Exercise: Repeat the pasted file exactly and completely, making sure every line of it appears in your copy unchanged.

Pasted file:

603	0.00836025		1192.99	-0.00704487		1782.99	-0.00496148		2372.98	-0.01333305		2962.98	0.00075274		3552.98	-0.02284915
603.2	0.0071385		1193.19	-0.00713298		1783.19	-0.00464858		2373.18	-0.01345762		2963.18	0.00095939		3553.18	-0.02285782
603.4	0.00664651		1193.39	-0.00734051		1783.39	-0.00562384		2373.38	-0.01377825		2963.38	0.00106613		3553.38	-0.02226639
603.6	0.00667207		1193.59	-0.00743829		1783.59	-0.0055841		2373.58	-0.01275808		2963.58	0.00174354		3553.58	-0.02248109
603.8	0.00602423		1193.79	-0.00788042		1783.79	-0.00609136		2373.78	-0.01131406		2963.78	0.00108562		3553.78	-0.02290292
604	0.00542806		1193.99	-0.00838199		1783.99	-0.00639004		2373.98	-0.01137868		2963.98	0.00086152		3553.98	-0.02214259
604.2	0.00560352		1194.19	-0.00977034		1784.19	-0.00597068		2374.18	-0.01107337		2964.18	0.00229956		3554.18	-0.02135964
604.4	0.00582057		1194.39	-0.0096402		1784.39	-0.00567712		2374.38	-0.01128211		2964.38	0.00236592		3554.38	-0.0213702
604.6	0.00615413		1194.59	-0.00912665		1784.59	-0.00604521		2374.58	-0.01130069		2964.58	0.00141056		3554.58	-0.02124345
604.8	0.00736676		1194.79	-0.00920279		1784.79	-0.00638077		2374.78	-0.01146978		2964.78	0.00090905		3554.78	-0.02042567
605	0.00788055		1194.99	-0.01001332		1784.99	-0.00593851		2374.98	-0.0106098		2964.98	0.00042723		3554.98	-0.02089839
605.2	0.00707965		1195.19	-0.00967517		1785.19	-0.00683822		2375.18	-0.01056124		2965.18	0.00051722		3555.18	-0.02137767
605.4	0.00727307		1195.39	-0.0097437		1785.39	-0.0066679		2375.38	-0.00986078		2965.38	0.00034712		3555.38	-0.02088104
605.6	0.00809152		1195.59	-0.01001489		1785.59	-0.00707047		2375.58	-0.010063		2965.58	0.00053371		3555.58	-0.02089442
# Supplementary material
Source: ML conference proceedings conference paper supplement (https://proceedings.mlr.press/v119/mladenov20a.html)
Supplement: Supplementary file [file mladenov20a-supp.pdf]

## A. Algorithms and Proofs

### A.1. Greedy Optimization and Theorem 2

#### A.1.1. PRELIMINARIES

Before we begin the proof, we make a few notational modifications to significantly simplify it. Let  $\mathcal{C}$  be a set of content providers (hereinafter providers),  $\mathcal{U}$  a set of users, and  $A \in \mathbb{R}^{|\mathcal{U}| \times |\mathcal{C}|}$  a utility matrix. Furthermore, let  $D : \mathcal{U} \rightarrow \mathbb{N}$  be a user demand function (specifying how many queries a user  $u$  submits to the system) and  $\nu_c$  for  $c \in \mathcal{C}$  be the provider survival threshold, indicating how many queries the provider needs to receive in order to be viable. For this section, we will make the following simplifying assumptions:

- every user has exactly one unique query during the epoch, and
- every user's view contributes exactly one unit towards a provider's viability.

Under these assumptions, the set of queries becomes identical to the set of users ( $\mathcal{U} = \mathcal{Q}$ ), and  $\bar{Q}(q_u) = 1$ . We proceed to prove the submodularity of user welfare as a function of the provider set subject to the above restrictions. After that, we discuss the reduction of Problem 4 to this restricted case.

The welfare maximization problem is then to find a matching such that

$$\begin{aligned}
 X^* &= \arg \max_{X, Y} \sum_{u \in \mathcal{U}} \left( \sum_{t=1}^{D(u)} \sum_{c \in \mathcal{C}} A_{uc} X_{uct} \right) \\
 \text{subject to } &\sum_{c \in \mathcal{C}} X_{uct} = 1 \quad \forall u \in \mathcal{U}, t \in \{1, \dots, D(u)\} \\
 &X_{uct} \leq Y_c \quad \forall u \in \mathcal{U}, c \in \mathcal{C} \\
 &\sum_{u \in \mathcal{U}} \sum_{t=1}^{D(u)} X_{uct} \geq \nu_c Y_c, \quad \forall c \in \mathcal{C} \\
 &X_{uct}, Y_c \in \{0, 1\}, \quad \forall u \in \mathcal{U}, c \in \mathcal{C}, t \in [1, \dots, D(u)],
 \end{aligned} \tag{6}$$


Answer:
603	0.00836025		1192.99	-0.00704487		1782.99	-0.00496148		2372.98	-0.01333305		2962.98	0.00075274		3552.98	-0.02284915
603.2	0.0071385		1193.19	-0.00713298		1783.19	-0.00464858		2373.18	-0.01345762		2963.18	0.00095939		3553.18	-0.02285782
603.4	0.00664651		1193.39	-0.00734051		1783.39	-0.00562384		2373.38	-0.01377825		2963.38	0.00106613		3553.38	-0.02226639
603.6	0.00667207		1193.59	-0.00743829		1783.59	-0.0055841		2373.58	-0.01275808		2963.58	0.00174354		3553.58	-0.02248109
603.8	0.00602423		1193.79	-0.00788042		1783.79	-0.00609136		2373.78	-0.01131406		2963.78	0.00108562		3553.78	-0.02290292
604	0.00542806		1193.99	-0.00838199		1783.99	-0.00639004		2373.98	-0.01137868		2963.98	0.00086152		3553.98	-0.02214259
604.2	0.00560352		1194.19	-0.00977034		1784.19	-0.00597068		2374.18	-0.01107337		2964.18	0.00229956		3554.18	-0.02135964
604.4	0.00582057		1194.39	-0.0096402		1784.39	-0.00567712		2374.38	-0.01128211		2964.38	0.00236592		3554.38	-0.0213702
604.6	0.00615413		1194.59	-0.00912665		1784.59	-0.00604521		2374.58	-0.01130069		2964.58	0.00141056		3554.58	-0.02124345
604.8	0.00736676		1194.79	-0.00920279		1784.79	-0.00638077		2374.78	-0.01146978		2964.78	0.00090905		3554.78	-0.02042567
605	0.00788055		1194.99	-0.01001332		1784.99	-0.00593851		2374.98	-0.0106098		2964.98	0.00042723		3554.98	-0.02089839
605.2	0.00707965		1195.19	-0.00967517		1785.19	-0.00683822		2375.18	-0.01056124		2965.18	0.00051722		3555.18	-0.02137767
605.4	0.00727307		1195.39	-0.0097437		1785.39	-0.0066679		2375.38	-0.00986078		2965.38	0.00034712		3555.38	-0.02088104
605.6	0.00809152		1195.59	-0.01001489		1785.59	-0.00707047		2375.58	-0.010063		2965.58	0.00053371		3555.58	-0.02089442
# Supplementary material
Source: ML conference proceedings conference paper supplement (https://proceedings.mlr.press/v119/mladenov20a.html)
Supplement: Supplementary file [file mladenov20a-supp.pdf]

## A. Algorithms and Proofs

### A.1. Greedy Optimization and Theorem 2

#### A.1.1. PRELIMINARIES

Before we begin the proof, we make a few notational modifications to significantly simplify it. Let  $\mathcal{C}$  be a set of content providers (hereinafter providers),  $\mathcal{U}$  a set of users, and  $A \in \mathbb{R}^{|\mathcal{U}| \times |\mathcal{C}|}$  a utility matrix. Furthermore, let  $D : \mathcal{U} \rightarrow \mathbb{N}$  be a user demand function (specifying how many queries a user  $u$  submits to the system) and  $\nu_c$  for  $c \in \mathcal{C}$  be the provider survival threshold, indicating how many queries the provider needs to receive in order to be viable. For this section, we will make the following simplifying assumptions:

- every user has exactly one unique query during the epoch, and
- every user's view contributes exactly one unit towards a provider's viability.

Under these assumptions, the set of queries becomes identical to the set of users ( $\mathcal{U} = \mathcal{Q}$ ), and  $\bar{Q}(q_u) = 1$ . We proceed to prove the submodularity of user welfare as a function of the provider set subject to the above restrictions. After that, we discuss the reduction of Problem 4 to this restricted case.

The welfare maximization problem is then to find a matching such that

$$\begin{aligned}
 X^* &= \arg \max_{X, Y} \sum_{u \in \mathcal{U}} \left( \sum_{t=1}^{D(u)} \sum_{c \in \mathcal{C}} A_{uc} X_{uct} \right) \\
 \text{subject to } &\sum_{c \in \mathcal{C}} X_{uct} = 1 \quad \forall u \in \mathcal{U}, t \in \{1, \dots, D(u)\} \\
 &X_{uct} \leq Y_c \quad \forall u \in \mathcal{U}, c \in \mathcal{C} \\
 &\sum_{u \in \mathcal{U}} \sum_{t=1}^{D(u)} X_{uct} \geq \nu_c Y_c, \quad \forall c \in \mathcal{C} \\
 &X_{uct}, Y_c \in \{0, 1\}, \quad \forall u \in \mathcal{U}, c \in \mathcal{C}, t \in [1, \dots, D(u)],
 \end{aligned} \tag{6}$$